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In his book Story: Substance, Structure, Style and The Principles of Screenwriting, screenwriting expert Robert McKee states that dialogue should have "the swing of everyday talk, but content well above normal."
If I were to transcribe a conversation with my best friend and put it into a screenplay, the audience would fall asleep within seconds.
"Yeah, I might go out tonight…Dunno, maybe a movie…"
In real life, people ramble, digress, interrupt and repeat themselves. But film dialogue is clear and purposeful. Every word drives the story forward. Good dialogue conveys a maximum of meaning with a minimum of words.
Nevertheless, dialogue still needs to sound like something real people would say. Real people don't speak in full, grammatically perfect sentences or well-composed paragraphs. They use contractions. They drop words. They jump from one thought to another.
Sonny is a nervous bank robber at a bungled hold-up. He's inside the bank with several hostages and Sal, his psychopathic accomplice. Outside, the police have the place surrounded. You may recognize this scenario from Dog Day Afternoon (written by Frank Pierson) starring a young Al Pacino.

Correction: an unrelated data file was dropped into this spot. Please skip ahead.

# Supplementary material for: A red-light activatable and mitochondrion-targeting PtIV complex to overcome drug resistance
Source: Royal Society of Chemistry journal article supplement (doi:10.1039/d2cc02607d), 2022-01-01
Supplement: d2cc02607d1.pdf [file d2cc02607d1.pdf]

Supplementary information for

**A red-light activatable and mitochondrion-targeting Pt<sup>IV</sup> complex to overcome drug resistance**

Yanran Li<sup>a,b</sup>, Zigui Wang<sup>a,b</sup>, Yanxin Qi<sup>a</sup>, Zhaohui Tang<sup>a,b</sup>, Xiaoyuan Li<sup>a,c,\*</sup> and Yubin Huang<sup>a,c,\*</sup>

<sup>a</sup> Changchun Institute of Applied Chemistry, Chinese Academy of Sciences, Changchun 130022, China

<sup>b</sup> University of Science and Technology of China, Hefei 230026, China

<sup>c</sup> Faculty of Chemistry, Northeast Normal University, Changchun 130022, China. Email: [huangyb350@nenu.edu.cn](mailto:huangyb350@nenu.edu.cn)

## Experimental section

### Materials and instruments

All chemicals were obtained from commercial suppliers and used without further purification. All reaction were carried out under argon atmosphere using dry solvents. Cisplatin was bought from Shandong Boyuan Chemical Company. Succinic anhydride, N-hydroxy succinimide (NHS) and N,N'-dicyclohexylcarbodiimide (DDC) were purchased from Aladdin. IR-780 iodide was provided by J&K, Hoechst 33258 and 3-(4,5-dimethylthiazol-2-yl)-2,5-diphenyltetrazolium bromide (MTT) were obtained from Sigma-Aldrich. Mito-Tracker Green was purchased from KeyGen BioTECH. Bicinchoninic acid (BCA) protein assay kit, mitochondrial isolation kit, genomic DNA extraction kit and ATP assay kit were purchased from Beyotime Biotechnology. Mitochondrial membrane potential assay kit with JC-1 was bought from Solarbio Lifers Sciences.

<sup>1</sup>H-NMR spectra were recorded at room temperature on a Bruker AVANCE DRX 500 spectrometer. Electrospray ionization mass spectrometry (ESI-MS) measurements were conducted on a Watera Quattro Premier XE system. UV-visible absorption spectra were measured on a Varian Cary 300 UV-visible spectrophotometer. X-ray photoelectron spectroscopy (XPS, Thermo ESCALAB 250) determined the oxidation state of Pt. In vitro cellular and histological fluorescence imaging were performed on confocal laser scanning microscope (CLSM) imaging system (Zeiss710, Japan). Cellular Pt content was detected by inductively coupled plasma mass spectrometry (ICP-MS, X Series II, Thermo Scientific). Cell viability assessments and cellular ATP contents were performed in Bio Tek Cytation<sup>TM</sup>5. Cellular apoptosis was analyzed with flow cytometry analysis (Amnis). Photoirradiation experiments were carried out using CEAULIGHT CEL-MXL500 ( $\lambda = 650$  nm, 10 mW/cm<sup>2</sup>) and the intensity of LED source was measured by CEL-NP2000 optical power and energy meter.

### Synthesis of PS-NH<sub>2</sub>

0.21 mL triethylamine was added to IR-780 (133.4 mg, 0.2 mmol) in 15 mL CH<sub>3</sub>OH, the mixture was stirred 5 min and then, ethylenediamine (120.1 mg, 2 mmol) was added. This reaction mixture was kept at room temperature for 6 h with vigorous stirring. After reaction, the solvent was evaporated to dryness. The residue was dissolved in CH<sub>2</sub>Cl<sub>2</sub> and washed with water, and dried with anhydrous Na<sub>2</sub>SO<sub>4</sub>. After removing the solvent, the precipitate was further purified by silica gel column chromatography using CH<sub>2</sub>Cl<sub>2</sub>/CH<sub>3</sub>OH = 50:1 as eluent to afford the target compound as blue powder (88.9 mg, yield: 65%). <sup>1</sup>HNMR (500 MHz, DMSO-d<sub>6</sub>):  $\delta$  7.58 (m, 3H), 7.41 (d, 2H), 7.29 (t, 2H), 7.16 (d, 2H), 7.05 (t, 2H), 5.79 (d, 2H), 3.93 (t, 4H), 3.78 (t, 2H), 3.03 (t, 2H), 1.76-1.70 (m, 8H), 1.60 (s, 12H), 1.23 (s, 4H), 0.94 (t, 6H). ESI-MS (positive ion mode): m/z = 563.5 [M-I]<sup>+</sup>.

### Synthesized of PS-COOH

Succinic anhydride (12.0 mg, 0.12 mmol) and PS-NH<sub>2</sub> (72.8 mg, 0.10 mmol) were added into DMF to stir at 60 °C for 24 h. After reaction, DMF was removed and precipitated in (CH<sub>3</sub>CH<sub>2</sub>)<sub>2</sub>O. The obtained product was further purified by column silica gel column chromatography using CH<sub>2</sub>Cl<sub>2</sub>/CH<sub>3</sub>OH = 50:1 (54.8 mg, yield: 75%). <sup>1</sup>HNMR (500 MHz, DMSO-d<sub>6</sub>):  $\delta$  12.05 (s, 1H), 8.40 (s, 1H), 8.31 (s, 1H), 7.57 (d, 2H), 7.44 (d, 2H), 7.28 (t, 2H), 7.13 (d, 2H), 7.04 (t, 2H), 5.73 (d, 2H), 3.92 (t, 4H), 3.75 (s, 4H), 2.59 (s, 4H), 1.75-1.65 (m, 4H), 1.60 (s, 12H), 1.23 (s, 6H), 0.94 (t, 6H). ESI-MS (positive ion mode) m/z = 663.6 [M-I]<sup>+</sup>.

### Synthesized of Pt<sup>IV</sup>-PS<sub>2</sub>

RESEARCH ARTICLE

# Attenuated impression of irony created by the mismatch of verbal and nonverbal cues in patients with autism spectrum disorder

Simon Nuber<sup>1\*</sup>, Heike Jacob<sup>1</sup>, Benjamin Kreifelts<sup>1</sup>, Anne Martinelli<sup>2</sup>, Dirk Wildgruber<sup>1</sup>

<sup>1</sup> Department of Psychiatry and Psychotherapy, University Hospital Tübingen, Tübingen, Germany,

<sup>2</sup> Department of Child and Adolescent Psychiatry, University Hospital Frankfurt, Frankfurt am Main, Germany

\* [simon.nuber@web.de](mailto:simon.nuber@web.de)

Does Sonny say, "Do you want me to give up? Look, Sal is in the back with the girls. He has his gun pointed at them. If anything should happen to me, Sal will shoot them. If you make one move, the girls will die. How can I be sure you will not jump me?"
No, of course not. This is what Sonny says:
You want me to give up, huh? Look, Sal's in back with the girls. Anything happens to me--one move--and Sal gives it to them. Boom boom. How do I know you won't jump me?
Remember, "the swing of everyday talk, but content well above normal."